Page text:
John R. Stierhoff, counsel to the Senate, said there are no plans at present to seek subpoena power for the committee.
EXAMPLES OF PROCUREMENT CONTROVERSIES
In calling for an examination of the state's procurement law yesterday, Senate President Thomas V. Mike Miller Jr. said the following transactions are among those that strike him as
Shock Trauma helicopters The state's purchase in 1988 of six MedEvac helicopters for its emergency medical evacuation system sparked a full-blown battle of lobbyists, blue ribbon procurement panels and others. Gov. William Donald Schaefer appointed a panel chaired by Lt. Gov. Melvin A. Steinberg to handle the selection. But the controversy raged on, spurred by letter-writing campaignsand the involvement of former Rep. Jim Wright of Texas, then speaker of the U.S. House of Representatives. Aerospatiale, a French firm that assembled its copters in Texas, won the $25.9 million battle with Bell Helicopter Textron Inc. and several other
Lottery Equipment In a similarly contentious atmosphere, the state Lottery Agency bought computers in 1990 from the GTECH Corp. When the state later bought equipment for its new keno game from GTECH without seeking other bids, the U.S. Attorney for Maryland announced an investigation. State officials argued that any vendor other than GTECH "would have to invest a significant amount of time and money to duplicate part or all of the (existing GTECH) system." The costs of that duplication, officials contended, would have been passed on to the state.
Emissions control The state on July 7 awarded a $96.9 million contract for building and equipping 19 emissions inspection stations to MARTA, a subsidiary of the Ohio-based Allen Group Inc. MARTA was judged the best contender by a panel appointed by Governor Schaefer last fall to oversee a procurement in which most of the applicants had political connections and all but one had hired a lobbyist. The state contends it defused the political pressure. But as part of MARTA's proposal, it picked Whiting-Turner Contracting Co., headed by longtime Schaefer ally Willard Hackerman, to build the stations. While the award decision was being made, two black Baltimore legislators, Del. Howard P. Rawlings and Sen. Clarence W. Blount, were urging the Department of Transportation to keep the incumbent company, Envirotest, a minority-owned firm.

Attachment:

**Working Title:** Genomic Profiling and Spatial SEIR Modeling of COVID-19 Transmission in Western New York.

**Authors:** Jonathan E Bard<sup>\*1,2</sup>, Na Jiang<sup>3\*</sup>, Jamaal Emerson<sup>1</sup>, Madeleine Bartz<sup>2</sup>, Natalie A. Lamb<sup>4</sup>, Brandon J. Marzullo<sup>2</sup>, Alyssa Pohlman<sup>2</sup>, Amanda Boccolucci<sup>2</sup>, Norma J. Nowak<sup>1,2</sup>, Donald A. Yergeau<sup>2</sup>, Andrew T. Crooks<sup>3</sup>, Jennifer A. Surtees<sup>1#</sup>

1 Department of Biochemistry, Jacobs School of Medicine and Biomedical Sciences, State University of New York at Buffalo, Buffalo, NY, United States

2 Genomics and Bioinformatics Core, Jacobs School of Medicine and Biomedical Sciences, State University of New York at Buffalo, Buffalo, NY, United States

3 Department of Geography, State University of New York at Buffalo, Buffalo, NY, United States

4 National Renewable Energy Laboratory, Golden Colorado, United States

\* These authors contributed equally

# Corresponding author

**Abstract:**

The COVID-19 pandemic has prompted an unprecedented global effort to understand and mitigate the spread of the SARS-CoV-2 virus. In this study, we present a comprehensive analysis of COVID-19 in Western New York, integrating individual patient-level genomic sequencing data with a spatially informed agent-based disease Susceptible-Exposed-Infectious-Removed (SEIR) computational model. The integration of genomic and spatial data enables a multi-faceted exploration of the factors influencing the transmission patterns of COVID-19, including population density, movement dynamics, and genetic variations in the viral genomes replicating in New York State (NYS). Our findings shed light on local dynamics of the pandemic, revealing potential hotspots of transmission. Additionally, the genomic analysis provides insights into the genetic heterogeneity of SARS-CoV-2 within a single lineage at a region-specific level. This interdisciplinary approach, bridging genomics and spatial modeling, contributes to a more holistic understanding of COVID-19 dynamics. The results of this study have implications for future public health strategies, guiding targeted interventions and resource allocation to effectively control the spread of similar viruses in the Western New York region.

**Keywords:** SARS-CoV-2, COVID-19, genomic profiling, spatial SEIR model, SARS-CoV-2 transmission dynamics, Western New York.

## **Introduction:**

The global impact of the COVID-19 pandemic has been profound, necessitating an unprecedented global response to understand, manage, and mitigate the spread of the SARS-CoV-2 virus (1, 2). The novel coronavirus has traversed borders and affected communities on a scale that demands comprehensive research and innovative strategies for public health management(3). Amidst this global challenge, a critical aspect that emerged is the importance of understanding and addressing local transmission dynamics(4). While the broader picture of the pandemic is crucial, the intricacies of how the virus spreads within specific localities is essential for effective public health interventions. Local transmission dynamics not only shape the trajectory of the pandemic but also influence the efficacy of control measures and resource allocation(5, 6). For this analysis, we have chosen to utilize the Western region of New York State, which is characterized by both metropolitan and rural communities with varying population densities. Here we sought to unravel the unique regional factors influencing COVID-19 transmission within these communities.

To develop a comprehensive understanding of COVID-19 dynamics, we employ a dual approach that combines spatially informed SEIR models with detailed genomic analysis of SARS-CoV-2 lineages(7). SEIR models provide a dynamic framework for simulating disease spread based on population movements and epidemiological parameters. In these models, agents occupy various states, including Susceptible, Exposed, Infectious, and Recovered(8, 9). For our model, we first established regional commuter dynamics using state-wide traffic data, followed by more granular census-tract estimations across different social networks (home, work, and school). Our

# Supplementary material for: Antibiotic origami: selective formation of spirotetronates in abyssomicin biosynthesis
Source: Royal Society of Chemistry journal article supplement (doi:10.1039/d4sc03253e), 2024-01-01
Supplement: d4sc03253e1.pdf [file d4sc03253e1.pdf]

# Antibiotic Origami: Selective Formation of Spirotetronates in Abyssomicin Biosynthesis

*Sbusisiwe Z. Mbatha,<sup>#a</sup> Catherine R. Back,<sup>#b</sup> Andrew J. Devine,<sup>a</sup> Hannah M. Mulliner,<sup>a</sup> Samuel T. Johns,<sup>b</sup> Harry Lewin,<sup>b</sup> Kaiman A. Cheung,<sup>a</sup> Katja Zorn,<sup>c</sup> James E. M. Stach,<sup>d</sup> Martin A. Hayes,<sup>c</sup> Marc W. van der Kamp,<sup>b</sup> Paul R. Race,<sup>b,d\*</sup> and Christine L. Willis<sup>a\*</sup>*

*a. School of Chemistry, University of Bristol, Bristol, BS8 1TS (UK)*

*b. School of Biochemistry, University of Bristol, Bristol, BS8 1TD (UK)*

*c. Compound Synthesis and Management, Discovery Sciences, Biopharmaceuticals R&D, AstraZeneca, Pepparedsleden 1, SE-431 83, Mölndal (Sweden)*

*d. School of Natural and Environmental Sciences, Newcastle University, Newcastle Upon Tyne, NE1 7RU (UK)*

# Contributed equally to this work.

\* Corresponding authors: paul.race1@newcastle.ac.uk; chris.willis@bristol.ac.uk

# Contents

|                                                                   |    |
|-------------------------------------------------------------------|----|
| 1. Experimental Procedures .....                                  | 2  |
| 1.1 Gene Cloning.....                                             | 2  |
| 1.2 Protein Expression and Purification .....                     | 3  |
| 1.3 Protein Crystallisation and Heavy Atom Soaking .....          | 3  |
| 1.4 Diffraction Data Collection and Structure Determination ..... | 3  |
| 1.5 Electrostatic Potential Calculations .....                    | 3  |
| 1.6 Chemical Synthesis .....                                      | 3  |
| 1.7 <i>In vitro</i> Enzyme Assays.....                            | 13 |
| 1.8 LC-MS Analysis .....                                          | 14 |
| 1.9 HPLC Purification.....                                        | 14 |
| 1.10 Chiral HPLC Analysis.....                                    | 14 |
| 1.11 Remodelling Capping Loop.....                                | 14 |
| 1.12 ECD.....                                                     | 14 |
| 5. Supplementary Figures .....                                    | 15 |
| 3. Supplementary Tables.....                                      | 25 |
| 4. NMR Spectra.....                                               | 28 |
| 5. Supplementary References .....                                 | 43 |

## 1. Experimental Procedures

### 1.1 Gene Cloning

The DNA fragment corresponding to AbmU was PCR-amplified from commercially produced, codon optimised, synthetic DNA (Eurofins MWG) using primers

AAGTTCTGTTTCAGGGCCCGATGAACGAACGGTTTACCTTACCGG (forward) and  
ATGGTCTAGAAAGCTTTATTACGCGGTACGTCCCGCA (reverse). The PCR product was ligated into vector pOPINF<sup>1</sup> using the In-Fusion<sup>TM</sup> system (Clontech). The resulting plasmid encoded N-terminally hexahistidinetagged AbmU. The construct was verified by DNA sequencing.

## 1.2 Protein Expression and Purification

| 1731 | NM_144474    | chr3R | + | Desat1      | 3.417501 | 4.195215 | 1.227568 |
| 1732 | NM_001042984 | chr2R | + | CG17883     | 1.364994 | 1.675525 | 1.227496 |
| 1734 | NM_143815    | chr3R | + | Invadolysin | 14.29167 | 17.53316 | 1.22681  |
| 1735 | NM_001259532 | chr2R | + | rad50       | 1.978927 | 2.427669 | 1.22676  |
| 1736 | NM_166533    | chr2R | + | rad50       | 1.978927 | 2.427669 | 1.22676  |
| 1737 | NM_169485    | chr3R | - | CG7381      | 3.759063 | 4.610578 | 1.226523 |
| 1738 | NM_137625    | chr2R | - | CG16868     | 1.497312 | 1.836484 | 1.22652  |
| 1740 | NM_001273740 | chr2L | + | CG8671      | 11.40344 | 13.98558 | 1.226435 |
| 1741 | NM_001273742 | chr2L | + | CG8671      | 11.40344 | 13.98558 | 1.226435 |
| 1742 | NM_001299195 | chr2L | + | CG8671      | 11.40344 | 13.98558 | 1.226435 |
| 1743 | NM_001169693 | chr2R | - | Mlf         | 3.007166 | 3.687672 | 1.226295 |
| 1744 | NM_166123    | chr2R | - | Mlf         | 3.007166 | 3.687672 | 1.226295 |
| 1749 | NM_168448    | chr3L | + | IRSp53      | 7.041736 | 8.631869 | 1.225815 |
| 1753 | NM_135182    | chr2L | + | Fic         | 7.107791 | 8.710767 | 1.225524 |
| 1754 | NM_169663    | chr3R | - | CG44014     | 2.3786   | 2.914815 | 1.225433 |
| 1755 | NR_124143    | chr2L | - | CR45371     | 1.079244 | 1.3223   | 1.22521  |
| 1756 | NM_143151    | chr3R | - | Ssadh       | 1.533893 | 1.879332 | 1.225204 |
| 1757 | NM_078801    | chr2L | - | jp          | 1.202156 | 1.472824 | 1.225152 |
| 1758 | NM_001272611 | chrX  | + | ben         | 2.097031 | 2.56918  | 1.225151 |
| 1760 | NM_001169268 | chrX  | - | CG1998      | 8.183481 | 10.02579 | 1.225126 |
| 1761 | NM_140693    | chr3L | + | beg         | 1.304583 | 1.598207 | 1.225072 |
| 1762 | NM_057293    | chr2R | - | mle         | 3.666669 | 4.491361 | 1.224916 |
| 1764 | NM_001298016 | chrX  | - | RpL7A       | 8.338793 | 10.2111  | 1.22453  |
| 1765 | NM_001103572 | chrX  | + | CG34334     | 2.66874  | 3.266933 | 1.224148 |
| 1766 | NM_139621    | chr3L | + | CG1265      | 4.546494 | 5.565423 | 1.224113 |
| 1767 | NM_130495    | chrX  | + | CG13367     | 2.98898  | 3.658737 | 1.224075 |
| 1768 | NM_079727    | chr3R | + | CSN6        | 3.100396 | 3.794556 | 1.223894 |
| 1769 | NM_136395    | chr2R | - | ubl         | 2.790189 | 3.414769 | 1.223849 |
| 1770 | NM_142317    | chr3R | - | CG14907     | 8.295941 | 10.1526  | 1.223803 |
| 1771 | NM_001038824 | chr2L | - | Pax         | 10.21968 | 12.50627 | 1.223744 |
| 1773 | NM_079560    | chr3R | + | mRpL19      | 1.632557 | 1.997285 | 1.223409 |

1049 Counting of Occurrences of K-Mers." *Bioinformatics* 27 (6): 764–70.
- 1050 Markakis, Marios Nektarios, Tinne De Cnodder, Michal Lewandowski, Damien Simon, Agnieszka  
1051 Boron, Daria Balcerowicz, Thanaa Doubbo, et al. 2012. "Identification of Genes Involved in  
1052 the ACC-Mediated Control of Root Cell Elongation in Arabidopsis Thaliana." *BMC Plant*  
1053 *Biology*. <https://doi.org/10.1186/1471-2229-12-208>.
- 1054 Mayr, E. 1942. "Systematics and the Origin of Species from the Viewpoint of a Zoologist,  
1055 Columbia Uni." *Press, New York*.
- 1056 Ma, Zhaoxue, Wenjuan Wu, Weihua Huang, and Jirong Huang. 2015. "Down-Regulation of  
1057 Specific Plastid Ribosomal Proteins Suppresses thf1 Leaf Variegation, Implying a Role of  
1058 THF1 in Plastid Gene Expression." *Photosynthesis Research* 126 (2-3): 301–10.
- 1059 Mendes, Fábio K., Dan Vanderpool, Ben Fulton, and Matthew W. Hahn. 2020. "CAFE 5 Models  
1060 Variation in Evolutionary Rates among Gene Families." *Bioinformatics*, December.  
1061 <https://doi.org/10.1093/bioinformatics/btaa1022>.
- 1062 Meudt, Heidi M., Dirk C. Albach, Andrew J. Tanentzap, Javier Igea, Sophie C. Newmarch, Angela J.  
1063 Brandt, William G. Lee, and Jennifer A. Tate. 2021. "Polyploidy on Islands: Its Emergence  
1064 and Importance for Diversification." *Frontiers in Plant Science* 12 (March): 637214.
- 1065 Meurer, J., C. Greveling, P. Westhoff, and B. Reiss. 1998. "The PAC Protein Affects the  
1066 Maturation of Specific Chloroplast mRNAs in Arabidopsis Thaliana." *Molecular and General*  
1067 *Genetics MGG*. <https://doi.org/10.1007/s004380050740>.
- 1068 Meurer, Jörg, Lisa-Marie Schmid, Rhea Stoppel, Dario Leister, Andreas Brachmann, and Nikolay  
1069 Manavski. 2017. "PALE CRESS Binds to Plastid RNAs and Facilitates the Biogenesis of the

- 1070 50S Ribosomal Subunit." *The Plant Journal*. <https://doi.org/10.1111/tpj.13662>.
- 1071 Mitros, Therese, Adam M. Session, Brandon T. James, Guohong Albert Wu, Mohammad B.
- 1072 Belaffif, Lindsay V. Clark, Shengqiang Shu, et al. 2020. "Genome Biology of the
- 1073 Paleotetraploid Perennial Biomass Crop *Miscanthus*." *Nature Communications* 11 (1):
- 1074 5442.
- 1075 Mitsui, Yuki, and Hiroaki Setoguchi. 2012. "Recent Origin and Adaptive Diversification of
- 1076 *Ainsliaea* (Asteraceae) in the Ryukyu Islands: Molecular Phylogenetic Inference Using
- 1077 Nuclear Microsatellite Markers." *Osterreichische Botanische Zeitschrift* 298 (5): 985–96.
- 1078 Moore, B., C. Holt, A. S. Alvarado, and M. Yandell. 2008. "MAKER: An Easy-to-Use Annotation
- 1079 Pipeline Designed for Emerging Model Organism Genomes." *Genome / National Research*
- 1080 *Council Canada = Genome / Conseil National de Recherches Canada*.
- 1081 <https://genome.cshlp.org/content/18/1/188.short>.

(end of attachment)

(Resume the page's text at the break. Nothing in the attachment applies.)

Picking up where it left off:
Deferred compensation The 401(k) retirement savings plan for state workers was awarded to Public Employees Benefit Services Corp. in 1990 without competitive bids. The state did seek bids for the contract in 1992, but only PEBSCO submitted a proposal. One potential competitor, the Copeland Companies, said the bid specifications made it impossible for a firm other than PEBSCO to make a profit.
Home detention A company owned by lobbyist Maurice R. "Mo" Wyatt has an exclusive contract for selling home-detention equipment manufactured by Vorec Corp., which recently sold the state $1.2 million worth of the devices. No other bids were sought. The equipment is used to keep track of prisoners who are confined in their homes. Mr. Wyatt, 51, is the one-time patronage chief for former Gov. Marvin Mandel.
This summer, C&P Telephone Co. of Maryland announced it had secretly negotiated an agreement with the state to build a high technology, fiber optics network connecting every high school and college in the state. The high-capacity cables linking the schools would permit them to use interactive video to broadcast classes, performances or other events in one part of the state to students in several locations in other parts of the state. Although the agreement was sanctioned by the governor's office and the Public Service Commission, the cable television industry and some legislators have questioned whether the cable network should have been put out for competitive bids. Schaefer administration officials have said no bidding was necessary because no contract exists: The schools are not required to participate, and so must pay fees to tap into the network only if they choose.